This article was reproduced with the kind permission
of the British Broadcasting Corporation
17 November 2007, 09:59 GMT
A simple family dinner will mark the 20th anniversary of Ivan Tarassenko's death.
The 25-year-old drummer with a "big laugh" was one of the 31 people who lost their lives during the King's Cross fire on 18 November, 1987.
After his death, his older sister Sophie headed the King's Cross Family Action Group - a support organisation for the injured and bereaved.
But 20 years on, the grieving process has reached a new stage.
"It's become more about my brother and less about the fire," said the law lecturer from her home in Kensal Green, north-west London.
The "penniless" musician changed tubes at King's Cross station to make his way to a rehearsal in Notting Hill.
By chance, Sophie was also in the area.
"I was going to meet a friend outside the station at 8pm but trains were not stopping at King's Cross.
"I got off at Russell Square and got close to where I was meeting my friend when I saw ambulances and the fire brigade - I had no idea my brother was inside."
Two days later, she and her older brother formally identified Ivan's body.
"That was hell," she said. "But he wasn't a pile of ashes, I could still recognise him."
Much publicity followed in the aftermath as she desperately tried in vain to establish Ivan's last moments.
For the first three months I cried every day
"My older brother is a scientist and he did weird stuff after Ivan's death," she said. "He worked out the mathematical probability that Ivan would be there at that time.
"It was so close to zero that it was mathematically irrelevant.
"My way of processing it was to have a co-existence in my head of being really angry but accepting that it was his time and there's nothing that can be done about it - sort of a Zen way if you like."
She added: "For the first three months I cried every day. The next three months I cried every other day. The next couple of years I cried once a month and after 20 years I cry two or three times a year. But it doesn't mean I don't think about him because I do - it just becomes less excruciatingly painful."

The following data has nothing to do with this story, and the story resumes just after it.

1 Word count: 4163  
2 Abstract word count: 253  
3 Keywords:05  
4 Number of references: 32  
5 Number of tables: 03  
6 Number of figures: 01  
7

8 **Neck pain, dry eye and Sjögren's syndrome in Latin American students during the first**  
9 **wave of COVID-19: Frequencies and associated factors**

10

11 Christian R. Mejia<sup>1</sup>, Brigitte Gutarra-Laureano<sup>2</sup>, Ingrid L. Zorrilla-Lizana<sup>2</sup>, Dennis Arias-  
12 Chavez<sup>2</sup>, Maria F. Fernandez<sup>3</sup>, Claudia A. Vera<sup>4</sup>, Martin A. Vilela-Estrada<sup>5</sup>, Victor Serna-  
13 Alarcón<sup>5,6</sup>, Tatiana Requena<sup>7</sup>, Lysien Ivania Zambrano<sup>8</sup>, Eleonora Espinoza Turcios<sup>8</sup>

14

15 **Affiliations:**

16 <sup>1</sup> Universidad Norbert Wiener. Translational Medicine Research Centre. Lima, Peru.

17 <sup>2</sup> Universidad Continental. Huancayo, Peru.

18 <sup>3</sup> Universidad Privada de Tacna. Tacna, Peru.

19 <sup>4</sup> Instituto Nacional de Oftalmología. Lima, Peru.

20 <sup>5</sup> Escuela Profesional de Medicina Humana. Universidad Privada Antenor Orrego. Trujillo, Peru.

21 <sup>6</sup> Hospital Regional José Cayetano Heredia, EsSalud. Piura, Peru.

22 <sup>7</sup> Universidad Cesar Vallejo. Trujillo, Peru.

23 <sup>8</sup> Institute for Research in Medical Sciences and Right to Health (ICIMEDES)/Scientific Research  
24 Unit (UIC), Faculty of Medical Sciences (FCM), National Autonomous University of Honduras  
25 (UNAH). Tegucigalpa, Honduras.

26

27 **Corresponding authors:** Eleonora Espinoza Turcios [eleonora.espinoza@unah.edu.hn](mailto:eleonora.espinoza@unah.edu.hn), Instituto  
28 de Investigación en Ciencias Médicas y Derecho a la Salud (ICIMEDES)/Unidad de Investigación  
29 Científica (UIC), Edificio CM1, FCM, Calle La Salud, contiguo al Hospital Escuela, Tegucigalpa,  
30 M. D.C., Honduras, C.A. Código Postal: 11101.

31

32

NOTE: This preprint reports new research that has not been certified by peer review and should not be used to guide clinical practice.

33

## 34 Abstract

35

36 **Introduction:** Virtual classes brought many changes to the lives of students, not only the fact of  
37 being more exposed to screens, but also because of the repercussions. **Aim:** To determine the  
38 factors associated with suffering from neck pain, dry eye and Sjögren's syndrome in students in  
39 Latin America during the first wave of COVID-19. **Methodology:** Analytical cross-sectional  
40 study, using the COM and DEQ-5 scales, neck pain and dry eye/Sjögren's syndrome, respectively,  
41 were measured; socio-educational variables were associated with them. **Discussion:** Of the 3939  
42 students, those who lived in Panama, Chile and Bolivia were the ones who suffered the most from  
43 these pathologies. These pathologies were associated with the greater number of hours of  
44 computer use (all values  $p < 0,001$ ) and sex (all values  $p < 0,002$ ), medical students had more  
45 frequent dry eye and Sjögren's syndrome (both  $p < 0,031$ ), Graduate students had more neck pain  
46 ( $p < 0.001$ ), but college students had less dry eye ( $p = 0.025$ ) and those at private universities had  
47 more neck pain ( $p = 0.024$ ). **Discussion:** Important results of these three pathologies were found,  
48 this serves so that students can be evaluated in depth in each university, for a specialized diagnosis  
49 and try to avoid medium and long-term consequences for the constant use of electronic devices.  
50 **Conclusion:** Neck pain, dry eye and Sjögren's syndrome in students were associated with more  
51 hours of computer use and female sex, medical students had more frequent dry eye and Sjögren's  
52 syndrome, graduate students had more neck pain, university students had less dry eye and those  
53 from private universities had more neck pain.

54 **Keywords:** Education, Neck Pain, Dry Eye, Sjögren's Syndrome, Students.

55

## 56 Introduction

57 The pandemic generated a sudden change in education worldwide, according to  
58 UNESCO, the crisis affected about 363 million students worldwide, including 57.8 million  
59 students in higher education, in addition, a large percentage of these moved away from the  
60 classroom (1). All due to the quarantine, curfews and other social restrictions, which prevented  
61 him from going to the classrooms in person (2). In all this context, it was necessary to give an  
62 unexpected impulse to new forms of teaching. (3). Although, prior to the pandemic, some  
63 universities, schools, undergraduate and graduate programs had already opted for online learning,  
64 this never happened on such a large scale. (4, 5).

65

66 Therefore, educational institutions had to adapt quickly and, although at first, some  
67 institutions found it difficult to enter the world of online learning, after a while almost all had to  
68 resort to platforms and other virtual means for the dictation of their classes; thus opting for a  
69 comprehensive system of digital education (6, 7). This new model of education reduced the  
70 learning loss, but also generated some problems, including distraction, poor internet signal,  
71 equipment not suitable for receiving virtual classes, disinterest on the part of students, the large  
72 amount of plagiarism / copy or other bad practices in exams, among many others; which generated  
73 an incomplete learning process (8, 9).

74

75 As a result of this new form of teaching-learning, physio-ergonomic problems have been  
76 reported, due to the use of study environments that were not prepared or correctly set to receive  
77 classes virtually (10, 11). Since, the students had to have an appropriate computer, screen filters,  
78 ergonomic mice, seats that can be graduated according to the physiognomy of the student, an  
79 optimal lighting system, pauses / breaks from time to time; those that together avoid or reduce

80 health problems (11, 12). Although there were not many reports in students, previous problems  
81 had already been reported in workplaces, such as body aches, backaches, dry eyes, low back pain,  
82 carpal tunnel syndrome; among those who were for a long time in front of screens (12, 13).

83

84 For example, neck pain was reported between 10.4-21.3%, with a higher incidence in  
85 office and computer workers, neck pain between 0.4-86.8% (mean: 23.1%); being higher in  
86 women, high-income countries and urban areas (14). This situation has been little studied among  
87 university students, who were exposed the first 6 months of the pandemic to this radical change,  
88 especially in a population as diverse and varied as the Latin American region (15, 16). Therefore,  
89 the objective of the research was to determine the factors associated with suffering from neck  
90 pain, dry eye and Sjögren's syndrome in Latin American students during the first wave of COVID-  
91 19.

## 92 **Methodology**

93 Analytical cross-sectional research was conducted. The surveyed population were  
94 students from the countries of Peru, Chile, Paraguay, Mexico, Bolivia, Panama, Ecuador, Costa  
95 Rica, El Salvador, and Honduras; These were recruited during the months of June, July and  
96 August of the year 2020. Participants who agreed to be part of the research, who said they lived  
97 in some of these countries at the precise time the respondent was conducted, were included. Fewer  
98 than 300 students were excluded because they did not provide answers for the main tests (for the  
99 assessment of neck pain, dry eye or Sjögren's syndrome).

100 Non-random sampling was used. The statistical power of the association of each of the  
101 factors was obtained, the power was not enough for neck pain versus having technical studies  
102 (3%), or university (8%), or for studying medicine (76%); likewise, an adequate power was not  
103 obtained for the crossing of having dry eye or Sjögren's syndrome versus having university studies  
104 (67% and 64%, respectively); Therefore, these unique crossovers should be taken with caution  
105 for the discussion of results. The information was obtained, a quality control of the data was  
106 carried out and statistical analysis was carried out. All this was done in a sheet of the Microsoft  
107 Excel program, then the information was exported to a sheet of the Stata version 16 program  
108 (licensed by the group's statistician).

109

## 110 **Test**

Father Jim Kennedy is the priest at the Blessed Sacred Church half a mile away in Copenhagen Street.
"At about 9pm I got the first call. It was from South Africa asking if somebody they knew was safe. After that the calls started flooding in."
By 1am, the church was held on standby by the emergency services as an overspill mortuary.
The church has built up a strong relationship with 30 of the 31 families who lost a loved one and says it act as the "spiritual home" for many of those affected.
Occasionally, somebody affected by the fire drops by.
"A chap came in to see us," said Fr Jim. "He was quite distressed. He used to go through King's Cross at 7.30pm each evening to go home.
"On that night he met a friend he hadn't seen in about eight years. They went out for a drink and he got home much later.
"He couldn't get over the fact that he was not in the station at the time of the fire and wasn't dead. It took us a while to help him through that."
A Mass dedicated to the dead will be read at the church on Sunday. Beyond that, there will be no fanfare.
"We wrote to all the families to ask if they wanted to do something for the anniversary but the overwhelming feeling is that they want to leave it where it is because in a sense everything has been done."